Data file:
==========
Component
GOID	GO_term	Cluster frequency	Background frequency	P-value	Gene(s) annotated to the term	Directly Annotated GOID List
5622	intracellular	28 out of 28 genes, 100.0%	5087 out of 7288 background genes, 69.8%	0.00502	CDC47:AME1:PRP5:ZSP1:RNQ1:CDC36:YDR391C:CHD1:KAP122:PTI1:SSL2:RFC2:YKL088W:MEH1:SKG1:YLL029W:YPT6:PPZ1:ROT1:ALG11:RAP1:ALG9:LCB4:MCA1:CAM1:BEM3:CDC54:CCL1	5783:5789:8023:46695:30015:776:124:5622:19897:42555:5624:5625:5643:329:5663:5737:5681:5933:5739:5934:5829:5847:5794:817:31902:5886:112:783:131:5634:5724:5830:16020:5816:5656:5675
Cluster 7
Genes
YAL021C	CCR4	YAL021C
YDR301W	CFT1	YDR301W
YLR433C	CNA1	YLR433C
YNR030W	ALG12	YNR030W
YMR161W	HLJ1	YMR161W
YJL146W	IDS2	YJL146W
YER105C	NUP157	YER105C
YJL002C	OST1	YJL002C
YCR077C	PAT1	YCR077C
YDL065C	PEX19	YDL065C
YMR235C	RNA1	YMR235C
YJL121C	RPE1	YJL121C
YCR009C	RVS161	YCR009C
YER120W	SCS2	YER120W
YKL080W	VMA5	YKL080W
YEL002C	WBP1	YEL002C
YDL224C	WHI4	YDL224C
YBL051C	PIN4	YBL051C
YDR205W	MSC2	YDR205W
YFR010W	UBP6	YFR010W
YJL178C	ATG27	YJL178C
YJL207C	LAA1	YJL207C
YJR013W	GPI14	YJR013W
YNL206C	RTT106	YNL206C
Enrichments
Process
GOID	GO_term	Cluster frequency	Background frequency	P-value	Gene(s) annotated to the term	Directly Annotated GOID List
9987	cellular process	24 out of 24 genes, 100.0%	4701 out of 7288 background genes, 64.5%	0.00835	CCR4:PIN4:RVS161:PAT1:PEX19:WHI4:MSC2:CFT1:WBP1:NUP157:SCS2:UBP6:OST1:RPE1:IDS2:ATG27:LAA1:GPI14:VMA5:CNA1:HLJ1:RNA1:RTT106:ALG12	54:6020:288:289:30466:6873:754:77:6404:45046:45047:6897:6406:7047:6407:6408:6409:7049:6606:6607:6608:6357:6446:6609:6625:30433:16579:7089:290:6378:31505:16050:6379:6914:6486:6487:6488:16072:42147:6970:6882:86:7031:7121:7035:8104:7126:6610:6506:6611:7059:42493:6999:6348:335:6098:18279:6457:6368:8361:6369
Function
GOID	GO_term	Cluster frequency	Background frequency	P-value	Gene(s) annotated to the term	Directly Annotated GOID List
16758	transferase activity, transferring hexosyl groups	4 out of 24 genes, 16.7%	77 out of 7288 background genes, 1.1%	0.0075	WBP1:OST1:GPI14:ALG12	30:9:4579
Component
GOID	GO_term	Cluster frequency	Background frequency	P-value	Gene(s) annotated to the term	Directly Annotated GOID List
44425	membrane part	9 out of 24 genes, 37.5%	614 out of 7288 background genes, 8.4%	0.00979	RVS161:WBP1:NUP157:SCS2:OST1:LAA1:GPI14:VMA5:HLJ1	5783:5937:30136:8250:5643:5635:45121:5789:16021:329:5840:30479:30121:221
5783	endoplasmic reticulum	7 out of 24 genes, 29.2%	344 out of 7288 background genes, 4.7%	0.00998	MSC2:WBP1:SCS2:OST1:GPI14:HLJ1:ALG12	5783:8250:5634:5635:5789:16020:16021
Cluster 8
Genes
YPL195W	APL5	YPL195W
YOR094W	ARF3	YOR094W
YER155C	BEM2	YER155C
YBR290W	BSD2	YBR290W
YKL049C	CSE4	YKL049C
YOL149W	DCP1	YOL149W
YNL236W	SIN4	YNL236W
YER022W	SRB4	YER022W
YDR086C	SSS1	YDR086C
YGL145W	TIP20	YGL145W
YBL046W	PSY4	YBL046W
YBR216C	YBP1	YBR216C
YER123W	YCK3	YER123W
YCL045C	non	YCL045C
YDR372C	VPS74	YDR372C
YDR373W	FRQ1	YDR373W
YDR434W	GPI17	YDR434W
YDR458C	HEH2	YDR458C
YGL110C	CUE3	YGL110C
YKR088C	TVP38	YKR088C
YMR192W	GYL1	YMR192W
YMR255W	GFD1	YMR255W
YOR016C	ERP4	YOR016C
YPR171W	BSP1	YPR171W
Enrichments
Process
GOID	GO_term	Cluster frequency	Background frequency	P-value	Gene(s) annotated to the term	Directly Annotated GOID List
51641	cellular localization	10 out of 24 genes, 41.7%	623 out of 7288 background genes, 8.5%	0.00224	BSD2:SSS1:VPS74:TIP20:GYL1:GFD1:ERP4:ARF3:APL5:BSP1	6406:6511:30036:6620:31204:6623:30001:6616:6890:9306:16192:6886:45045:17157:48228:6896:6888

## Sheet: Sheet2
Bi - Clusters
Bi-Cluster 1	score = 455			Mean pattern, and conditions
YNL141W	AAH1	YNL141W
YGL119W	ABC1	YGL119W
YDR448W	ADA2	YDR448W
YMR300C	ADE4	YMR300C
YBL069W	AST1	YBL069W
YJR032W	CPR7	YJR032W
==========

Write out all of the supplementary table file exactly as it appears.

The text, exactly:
Component
GOID	GO_term	Cluster frequency	Background frequency	P-value	Gene(s) annotated to the term	Directly Annotated GOID List
5622	intracellular	28 out of 28 genes, 100.0%	5087 out of 7288 background genes, 69.8%	0.00502	CDC47:AME1:PRP5:ZSP1:RNQ1:CDC36:YDR391C:CHD1:KAP122:PTI1:SSL2:RFC2:YKL088W:MEH1:SKG1:YLL029W:YPT6:PPZ1:ROT1:ALG11:RAP1:ALG9:LCB4:MCA1:CAM1:BEM3:CDC54:CCL1	5783:5789:8023:46695:30015:776:124:5622:19897:42555:5624:5625:5643:329:5663:5737:5681:5933:5739:5934:5829:5847:5794:817:31902:5886:112:783:131:5634:5724:5830:16020:5816:5656:5675
Cluster 7
Genes
YAL021C	CCR4	YAL021C
YDR301W	CFT1	YDR301W
YLR433C	CNA1	YLR433C
YNR030W	ALG12	YNR030W
YMR161W	HLJ1	YMR161W
YJL146W	IDS2	YJL146W
YER105C	NUP157	YER105C
YJL002C	OST1	YJL002C
YCR077C	PAT1	YCR077C
YDL065C	PEX19	YDL065C
YMR235C	RNA1	YMR235C
YJL121C	RPE1	YJL121C
YCR009C	RVS161	YCR009C
YER120W	SCS2	YER120W
YKL080W	VMA5	YKL080W
YEL002C	WBP1	YEL002C
YDL224C	WHI4	YDL224C
YBL051C	PIN4	YBL051C
YDR205W	MSC2	YDR205W
YFR010W	UBP6	YFR010W
YJL178C	ATG27	YJL178C
YJL207C	LAA1	YJL207C
YJR013W	GPI14	YJR013W
YNL206C	RTT106	YNL206C
Enrichments
Process
GOID	GO_term	Cluster frequency	Background frequency	P-value	Gene(s) annotated to the term	Directly Annotated GOID List
9987	cellular process	24 out of 24 genes, 100.0%	4701 out of 7288 background genes, 64.5%	0.00835	CCR4:PIN4:RVS161:PAT1:PEX19:WHI4:MSC2:CFT1:WBP1:NUP157:SCS2:UBP6:OST1:RPE1:IDS2:ATG27:LAA1:GPI14:VMA5:CNA1:HLJ1:RNA1:RTT106:ALG12	54:6020:288:289:30466:6873:754:77:6404:45046:45047:6897:6406:7047:6407:6408:6409:7049:6606:6607:6608:6357:6446:6609:6625:30433:16579:7089:290:6378:31505:16050:6379:6914:6486:6487:6488:16072:42147:6970:6882:86:7031:7121:7035:8104:7126:6610:6506:6611:7059:42493:6999:6348:335:6098:18279:6457:6368:8361:6369
Function
GOID	GO_term	Cluster frequency	Background frequency	P-value	Gene(s) annotated to the term	Directly Annotated GOID List
16758	transferase activity, transferring hexosyl groups	4 out of 24 genes, 16.7%	77 out of 7288 background genes, 1.1%	0.0075	WBP1:OST1:GPI14:ALG12	30:9:4579
Component
GOID	GO_term	Cluster frequency	Background frequency	P-value	Gene(s) annotated to the term	Directly Annotated GOID List
44425	membrane part	9 out of 24 genes, 37.5%	614 out of 7288 background genes, 8.4%	0.00979	RVS161:WBP1:NUP157:SCS2:OST1:LAA1:GPI14:VMA5:HLJ1	5783:5937:30136:8250:5643:5635:45121:5789:16021:329:5840:30479:30121:221
5783	endoplasmic reticulum	7 out of 24 genes, 29.2%	344 out of 7288 background genes, 4.7%	0.00998	MSC2:WBP1:SCS2:OST1:GPI14:HLJ1:ALG12	5783:8250:5634:5635:5789:16020:16021
Cluster 8
Genes
YPL195W	APL5	YPL195W
YOR094W	ARF3	YOR094W
YER155C	BEM2	YER155C
YBR290W	BSD2	YBR290W
YKL049C	CSE4	YKL049C
YOL149W	DCP1	YOL149W
YNL236W	SIN4	YNL236W
YER022W	SRB4	YER022W
YDR086C	SSS1	YDR086C
YGL145W	TIP20	YGL145W
YBL046W	PSY4	YBL046W
YBR216C	YBP1	YBR216C
YER123W	YCK3	YER123W
YCL045C	non	YCL045C
YDR372C	VPS74	YDR372C
YDR373W	FRQ1	YDR373W
YDR434W	GPI17	YDR434W
YDR458C	HEH2	YDR458C
YGL110C	CUE3	YGL110C
YKR088C	TVP38	YKR088C
YMR192W	GYL1	YMR192W
YMR255W	GFD1	YMR255W
YOR016C	ERP4	YOR016C
YPR171W	BSP1	YPR171W
Enrichments
Process
GOID	GO_term	Cluster frequency	Background frequency	P-value	Gene(s) annotated to the term	Directly Annotated GOID List
51641	cellular localization	10 out of 24 genes, 41.7%	623 out of 7288 background genes, 8.5%	0.00224	BSD2:SSS1:VPS74:TIP20:GYL1:GFD1:ERP4:ARF3:APL5:BSP1	6406:6511:30036:6620:31204:6623:30001:6616:6890:9306:16192:6886:45045:17157:48228:6896:6888

## Sheet: Sheet2
Bi - Clusters
Bi-Cluster 1	score = 455			Mean pattern, and conditions
YNL141W	AAH1	YNL141W
YGL119W	ABC1	YGL119W
YDR448W	ADA2	YDR448W
YMR300C	ADE4	YMR300C
YBL069W	AST1	YBL069W
YJR032W	CPR7	YJR032W